I arrived in Leeds on a rainy October day in 1973.
I felt quite miserable when I arrived since I had been terribly sick on
the ferry to England. I had been led to the deck by a helpful steward
who then even brought me a cup of tea, which I thought really nice of
him. But after a while he came back to where I was sitting (and suffering)
with some strange wishes – most inadequate for the state I was in
anyway – so it took some effort to get rid of him and finally off
Tetley Hall, the place I was allowed to stay during my time in Leeds,
was quite a revelation to me and soon made me feel better – my huge
sitting-room, my spacious bedroom, a kitchen of my own and the whole wonder
of an old Victorian house. I got submerged in a very British atmosphere
I had not known until then, including the honourable institution of High
Table, where the meals were celebrated for the upper class of students
and tutors. I somehow felt important – coming from a German “mass”
university – even more so when I became aware of that board with
my name on it on the door to my room in the German Department! I had changed
sides since I had left Tübingen – and this was the obvious
proof of it!
My high spirits didn’t last too long as it dawned on me how incapable
I was of having a normal conversation with the polite and helpful members
of staff. Just consider the normal small talk you have at tea-break (and
there were two of them every day!) You couldn’t always talk about
literature and the vowel shift in Middle English. I had some rather difficult
moments then, and sometimes, as we Germans put it, I’d have preferred
“to sink into the ground” or “to disappear in a mouse
This however didn’t prevent me from inventing the most sophisticated
topics for the essays the students had to write. It was the year of 1973.
The students’ rebellion in Germany was still at its peak, and its
impact on me was reflected in topics such as “Die Philosophen
haben die Welt nur verschieden interpretiert – es kommt aber darauf
an, sie zu verändern. Nehmen Sie Stellung zu diesem Zitat von Karl
Marx!” I got wonderful essays to correct: some full of Christian
‘confessions’ and spiritual ideals, and some which showed
a sound knowledge of Adorno’s theory of negative dialectic. Quite
a few were perfect in language and style – e.g. those of Mark Wood
who is now Head of ITV News, as I learned.
It was an interesting job, including the German Beginners’
class for students who did not actually study German. I particularly
remember two students who wanted to learn German so that they could
read Adorno in German. Now this was quite a challenge to me (and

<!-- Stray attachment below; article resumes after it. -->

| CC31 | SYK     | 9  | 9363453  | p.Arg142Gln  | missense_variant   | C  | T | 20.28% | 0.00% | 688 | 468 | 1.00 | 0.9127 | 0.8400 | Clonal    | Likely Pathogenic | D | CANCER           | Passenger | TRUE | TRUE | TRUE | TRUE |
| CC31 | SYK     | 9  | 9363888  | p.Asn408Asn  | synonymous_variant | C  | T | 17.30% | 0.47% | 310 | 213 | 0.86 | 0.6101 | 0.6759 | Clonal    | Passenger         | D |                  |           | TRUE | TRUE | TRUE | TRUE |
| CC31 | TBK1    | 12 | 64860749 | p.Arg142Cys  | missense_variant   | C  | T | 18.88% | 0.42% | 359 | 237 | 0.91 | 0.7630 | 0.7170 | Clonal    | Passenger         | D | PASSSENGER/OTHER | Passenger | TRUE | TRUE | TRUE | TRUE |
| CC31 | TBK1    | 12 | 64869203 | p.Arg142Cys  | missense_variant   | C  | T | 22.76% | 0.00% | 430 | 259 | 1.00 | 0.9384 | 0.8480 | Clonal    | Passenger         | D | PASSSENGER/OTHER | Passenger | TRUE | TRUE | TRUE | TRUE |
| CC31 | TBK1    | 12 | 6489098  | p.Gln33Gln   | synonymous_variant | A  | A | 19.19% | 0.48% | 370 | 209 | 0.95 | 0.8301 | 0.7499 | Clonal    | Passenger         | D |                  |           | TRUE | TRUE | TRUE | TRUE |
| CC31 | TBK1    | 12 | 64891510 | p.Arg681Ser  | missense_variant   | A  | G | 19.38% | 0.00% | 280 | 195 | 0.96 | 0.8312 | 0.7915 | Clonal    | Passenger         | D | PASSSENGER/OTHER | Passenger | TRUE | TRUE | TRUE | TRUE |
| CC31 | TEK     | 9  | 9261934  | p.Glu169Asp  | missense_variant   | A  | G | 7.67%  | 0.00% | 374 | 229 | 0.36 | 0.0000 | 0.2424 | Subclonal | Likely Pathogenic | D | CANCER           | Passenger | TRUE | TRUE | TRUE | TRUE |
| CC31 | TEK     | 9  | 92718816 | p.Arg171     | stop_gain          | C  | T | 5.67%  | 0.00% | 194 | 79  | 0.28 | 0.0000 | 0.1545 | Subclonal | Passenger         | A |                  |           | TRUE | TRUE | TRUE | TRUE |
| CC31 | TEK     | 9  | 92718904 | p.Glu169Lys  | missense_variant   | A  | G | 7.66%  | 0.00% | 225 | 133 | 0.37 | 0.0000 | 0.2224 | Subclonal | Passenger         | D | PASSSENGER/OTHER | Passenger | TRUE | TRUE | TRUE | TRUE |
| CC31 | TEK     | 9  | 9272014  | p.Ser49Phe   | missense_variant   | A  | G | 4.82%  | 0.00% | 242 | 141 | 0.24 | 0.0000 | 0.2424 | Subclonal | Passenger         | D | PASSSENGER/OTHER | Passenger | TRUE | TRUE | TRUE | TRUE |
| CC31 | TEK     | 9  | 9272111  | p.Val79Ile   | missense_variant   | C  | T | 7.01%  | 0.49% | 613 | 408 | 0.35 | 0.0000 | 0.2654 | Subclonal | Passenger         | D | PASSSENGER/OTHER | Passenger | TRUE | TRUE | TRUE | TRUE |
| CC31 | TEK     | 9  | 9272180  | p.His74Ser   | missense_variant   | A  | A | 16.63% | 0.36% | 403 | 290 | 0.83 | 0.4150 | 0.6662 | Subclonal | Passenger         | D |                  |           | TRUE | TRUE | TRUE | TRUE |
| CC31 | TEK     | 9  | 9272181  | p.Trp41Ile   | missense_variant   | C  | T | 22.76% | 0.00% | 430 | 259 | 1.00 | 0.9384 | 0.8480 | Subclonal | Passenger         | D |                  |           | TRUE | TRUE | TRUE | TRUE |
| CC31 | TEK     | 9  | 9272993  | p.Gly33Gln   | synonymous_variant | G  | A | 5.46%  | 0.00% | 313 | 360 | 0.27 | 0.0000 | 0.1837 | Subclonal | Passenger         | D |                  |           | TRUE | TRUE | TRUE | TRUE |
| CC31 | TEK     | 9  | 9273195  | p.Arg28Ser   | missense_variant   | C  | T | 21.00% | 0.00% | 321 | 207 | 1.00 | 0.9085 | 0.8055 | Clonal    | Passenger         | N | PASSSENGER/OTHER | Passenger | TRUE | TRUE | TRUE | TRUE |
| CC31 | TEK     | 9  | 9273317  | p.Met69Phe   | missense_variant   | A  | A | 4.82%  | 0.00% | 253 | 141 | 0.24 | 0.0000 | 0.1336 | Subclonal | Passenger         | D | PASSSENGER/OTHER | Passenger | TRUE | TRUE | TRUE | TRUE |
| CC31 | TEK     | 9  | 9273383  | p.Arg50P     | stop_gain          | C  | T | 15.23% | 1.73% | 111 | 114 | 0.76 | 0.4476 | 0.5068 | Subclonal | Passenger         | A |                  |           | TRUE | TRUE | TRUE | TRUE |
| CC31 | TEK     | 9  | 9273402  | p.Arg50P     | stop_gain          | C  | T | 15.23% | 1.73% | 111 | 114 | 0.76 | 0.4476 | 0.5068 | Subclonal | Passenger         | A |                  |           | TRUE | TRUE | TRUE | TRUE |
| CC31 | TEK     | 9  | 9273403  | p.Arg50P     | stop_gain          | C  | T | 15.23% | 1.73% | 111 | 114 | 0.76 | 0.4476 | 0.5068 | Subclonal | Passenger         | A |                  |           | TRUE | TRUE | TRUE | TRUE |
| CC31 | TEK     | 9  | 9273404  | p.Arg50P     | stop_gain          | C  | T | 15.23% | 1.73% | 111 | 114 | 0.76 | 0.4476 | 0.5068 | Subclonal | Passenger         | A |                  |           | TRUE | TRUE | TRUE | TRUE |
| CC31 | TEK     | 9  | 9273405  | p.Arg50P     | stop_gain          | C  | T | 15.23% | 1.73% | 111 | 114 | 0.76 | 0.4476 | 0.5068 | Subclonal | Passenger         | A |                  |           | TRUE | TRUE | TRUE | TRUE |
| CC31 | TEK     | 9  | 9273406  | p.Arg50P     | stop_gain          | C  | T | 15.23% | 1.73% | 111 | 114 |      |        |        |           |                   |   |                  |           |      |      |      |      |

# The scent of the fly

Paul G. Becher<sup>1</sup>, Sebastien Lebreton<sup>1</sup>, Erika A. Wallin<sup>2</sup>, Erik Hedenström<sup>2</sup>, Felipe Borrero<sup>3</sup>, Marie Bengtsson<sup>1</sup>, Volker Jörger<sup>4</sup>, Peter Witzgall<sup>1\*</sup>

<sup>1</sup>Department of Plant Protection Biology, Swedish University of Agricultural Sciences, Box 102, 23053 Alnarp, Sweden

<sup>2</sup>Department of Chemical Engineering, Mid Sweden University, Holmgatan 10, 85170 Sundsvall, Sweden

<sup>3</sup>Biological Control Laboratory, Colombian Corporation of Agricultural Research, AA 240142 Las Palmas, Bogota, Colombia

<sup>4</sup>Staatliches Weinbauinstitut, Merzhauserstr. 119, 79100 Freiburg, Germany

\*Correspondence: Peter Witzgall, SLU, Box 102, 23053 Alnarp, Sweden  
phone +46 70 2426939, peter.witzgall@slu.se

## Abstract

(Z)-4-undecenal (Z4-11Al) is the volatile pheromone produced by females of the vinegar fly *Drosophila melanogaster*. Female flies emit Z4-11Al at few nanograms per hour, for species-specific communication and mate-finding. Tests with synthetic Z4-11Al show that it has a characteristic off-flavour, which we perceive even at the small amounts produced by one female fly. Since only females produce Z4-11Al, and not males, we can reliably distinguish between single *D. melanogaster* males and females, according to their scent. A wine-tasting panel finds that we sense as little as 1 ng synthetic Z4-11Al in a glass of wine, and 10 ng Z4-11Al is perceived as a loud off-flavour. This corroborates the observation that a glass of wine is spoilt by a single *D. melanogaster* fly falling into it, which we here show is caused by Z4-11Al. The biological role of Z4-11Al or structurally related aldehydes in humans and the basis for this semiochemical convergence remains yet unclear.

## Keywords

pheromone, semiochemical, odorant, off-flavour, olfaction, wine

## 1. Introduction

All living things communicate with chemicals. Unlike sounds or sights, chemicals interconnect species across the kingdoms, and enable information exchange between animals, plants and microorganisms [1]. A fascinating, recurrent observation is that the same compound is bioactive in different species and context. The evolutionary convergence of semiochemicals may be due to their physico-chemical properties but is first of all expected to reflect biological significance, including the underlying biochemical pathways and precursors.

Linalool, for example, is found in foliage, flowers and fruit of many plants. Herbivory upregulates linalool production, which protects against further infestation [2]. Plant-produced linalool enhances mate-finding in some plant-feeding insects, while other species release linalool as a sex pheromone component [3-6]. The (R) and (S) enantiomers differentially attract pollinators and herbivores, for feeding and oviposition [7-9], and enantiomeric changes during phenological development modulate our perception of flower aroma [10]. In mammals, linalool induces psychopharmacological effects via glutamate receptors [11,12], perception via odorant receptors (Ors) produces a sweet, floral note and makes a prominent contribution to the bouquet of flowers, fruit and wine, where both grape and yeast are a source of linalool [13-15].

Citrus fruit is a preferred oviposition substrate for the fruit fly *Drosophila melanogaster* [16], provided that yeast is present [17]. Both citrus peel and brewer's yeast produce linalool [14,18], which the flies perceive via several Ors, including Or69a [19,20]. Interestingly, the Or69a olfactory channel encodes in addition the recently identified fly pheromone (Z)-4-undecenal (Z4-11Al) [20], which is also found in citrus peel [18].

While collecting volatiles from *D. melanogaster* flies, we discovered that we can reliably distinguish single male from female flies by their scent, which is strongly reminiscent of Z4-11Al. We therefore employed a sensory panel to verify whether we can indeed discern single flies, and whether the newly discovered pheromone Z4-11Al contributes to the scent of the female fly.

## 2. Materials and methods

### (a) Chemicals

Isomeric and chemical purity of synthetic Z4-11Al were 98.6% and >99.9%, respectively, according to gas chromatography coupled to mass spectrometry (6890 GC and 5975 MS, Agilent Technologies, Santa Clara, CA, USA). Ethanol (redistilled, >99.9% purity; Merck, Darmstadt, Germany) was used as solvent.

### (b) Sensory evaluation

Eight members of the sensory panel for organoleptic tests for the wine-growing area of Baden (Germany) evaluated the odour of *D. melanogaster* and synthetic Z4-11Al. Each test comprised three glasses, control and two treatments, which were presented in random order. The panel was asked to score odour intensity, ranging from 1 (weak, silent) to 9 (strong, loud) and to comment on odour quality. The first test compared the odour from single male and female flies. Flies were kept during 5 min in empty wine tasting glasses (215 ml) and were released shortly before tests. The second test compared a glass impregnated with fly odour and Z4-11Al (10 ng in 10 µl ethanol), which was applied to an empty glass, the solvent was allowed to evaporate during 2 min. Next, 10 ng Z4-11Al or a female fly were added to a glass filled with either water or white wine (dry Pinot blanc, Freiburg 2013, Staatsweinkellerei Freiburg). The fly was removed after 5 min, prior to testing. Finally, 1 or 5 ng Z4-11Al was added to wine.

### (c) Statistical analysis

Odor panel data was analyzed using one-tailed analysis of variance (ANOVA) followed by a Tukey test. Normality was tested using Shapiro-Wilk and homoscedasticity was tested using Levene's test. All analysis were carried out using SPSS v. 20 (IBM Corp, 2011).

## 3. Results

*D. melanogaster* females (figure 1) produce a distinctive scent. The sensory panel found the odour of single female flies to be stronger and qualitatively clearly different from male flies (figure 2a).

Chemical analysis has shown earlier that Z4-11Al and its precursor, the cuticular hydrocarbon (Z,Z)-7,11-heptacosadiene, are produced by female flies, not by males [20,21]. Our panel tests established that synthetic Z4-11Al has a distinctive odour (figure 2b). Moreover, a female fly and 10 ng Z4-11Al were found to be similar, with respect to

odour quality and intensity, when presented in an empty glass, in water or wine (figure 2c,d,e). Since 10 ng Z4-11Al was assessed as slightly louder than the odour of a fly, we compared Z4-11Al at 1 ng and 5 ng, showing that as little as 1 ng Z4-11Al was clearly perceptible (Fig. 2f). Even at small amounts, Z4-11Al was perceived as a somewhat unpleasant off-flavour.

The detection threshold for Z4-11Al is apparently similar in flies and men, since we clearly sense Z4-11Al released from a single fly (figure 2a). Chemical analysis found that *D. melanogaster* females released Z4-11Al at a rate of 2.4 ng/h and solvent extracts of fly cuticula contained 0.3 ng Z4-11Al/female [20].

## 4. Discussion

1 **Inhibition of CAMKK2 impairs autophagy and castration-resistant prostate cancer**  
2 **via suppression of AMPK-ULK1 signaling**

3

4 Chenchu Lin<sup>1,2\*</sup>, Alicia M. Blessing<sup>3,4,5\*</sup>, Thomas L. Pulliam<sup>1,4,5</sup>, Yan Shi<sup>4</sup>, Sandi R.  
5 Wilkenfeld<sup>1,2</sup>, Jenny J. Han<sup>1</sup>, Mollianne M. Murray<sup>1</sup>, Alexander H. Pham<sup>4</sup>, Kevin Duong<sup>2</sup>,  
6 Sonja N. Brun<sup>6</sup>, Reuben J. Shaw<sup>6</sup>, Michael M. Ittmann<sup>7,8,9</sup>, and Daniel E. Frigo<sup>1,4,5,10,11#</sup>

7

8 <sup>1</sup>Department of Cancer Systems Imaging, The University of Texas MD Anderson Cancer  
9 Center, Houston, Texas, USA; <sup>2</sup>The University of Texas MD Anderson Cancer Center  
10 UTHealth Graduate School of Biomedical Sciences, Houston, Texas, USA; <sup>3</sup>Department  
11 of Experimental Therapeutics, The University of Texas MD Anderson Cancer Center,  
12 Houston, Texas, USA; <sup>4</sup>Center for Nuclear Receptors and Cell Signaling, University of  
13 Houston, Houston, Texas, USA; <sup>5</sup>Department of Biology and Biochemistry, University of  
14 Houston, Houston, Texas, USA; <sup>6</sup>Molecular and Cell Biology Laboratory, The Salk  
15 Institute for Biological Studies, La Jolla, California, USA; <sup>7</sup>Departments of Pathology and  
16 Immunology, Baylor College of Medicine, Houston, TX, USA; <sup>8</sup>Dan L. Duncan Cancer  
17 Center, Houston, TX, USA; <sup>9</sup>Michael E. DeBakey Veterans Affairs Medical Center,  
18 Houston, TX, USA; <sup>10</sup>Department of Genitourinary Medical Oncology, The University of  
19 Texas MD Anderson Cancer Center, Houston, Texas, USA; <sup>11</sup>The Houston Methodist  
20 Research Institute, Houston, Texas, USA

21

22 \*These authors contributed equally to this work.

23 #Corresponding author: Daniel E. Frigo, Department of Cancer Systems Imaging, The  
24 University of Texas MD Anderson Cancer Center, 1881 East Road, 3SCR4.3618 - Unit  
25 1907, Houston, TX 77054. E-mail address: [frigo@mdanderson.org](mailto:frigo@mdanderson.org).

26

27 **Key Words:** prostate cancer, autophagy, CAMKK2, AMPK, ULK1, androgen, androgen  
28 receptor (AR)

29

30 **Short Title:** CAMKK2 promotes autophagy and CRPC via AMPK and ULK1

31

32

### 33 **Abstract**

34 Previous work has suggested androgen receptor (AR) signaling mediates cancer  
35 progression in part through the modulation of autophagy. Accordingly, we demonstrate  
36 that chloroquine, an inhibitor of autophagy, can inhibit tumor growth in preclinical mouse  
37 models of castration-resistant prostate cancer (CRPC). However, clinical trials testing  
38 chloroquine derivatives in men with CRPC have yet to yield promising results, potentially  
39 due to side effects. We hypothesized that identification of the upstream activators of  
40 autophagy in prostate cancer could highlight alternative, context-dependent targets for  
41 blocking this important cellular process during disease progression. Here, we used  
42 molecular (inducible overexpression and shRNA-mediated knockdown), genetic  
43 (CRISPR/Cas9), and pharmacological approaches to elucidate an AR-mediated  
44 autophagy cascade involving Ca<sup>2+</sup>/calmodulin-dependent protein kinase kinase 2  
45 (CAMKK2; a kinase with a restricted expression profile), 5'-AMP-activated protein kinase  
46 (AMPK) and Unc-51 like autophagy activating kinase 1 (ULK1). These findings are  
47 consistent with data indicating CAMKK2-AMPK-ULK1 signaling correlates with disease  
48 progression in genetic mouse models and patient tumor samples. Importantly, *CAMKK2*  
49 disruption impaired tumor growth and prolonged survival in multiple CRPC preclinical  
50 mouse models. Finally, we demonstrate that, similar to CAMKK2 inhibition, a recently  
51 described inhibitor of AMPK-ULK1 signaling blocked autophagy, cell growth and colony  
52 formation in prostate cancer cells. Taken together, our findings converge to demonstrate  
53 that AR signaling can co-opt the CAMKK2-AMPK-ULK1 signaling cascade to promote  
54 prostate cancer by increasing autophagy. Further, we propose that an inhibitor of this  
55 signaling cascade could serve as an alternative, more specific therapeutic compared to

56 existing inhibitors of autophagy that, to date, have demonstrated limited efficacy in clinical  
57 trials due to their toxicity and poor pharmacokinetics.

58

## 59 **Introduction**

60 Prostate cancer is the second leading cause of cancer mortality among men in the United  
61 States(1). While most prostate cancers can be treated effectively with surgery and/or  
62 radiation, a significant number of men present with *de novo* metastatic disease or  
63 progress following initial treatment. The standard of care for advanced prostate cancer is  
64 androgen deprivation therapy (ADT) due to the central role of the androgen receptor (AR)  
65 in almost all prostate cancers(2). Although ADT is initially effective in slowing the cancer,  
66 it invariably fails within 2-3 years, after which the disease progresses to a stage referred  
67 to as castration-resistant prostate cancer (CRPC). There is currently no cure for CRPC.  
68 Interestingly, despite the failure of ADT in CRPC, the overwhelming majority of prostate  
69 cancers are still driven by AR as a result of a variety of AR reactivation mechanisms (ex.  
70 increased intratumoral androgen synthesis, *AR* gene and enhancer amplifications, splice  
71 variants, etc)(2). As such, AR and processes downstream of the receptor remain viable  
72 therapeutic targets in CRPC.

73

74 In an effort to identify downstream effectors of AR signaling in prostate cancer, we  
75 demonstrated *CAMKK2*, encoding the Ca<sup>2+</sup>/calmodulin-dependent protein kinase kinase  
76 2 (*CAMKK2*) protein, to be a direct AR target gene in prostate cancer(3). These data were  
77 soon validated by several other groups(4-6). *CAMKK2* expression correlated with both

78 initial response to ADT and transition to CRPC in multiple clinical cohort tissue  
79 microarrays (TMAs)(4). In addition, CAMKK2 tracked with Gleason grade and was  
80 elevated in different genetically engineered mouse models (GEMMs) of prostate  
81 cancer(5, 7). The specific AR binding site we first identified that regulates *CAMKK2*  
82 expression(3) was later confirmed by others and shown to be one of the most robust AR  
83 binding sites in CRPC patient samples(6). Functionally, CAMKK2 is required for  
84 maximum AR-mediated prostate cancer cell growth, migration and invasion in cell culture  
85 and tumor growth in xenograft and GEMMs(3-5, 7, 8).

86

them) as you can well imagine! Not to forget the German lessons
I gave to a Welsh Professor in the Spanish Department. Unfortunately
I have forgotten his name [Gareth Davies … see
also Petruschke] but
we certainly had great fun. He learned a lot about the burden of
the German working class according to Günter Wallraff, and
I learned some Welsh words in exchange.
A real inner conflict turned up for me when the Duchess of Kent visited
Tetley Hall for the yearly Guest Dinner. We as residents of the Hall were
told to curtsey for her. Could I, should I, as a follower of the pure
doctrine of Karl Marx, bow to a member of the Royals? In the end I shook
her hand, and she didn’t mind one little bit as far as I can remember.
I do remember marvellous parties and invitations. Douglas Cossar took
me to Stratford for a Shakespeare Festival (an extremely cold bedroom,
but fantastic performances!) Richard Byrn and John Wilkie invited me to
the Playhouse to see Brecht, while Raymond Hargreaves, Fred Bridgham and
Helen Chambers gave wonderful parties.
I immensely enjoyed my life in Leeds – and even more so when I got
to know Stephen Rodley, a student in the German Department. He now lives
in Esslingen and is still a good friend of mine. He did a great job, improving
my command of English in many ways. He also introduced me to the wondrous
world of Leeds United fans (this was the year they won the Championship).
I shiver to remember my first and last visit to Elland Road. Leeds scored
a goal, everyone jumped up and I went down, disappearing amidst a seething
mass of roaring Leeds fans. I was terrified.
When I returned to Germany to do my Referendariat I felt I had
returned to barren wasteland, as far as social life was concerned.
There are countless more stories to tell. For instance, the visit of the
German Professor from Leipzig who had come with his Party watchdog, and
gave a strictly linguistic lecture on Shakespeare. We went dancing in
the evening. I think it was Richard, Lilias and me and the two of them.
The watchdog danced ‘freestyle’ with me as proof of the openness
and nonchalance of the GDR system. “Wir sind nicht so dogmatisch,
wie man im Westen denkt.”
I have fond memories of the friendly and caring cleaning ladies at Tetley
Hall who always called me “luv”, and of Mr Dexter, the night
watchman who passed by whistling every night and often came in for a cuppa
with me. Now and then he sang German songs to me. He had learned them
during the War.
I remember so many nice people, and I’d like to say thank you to
all of you!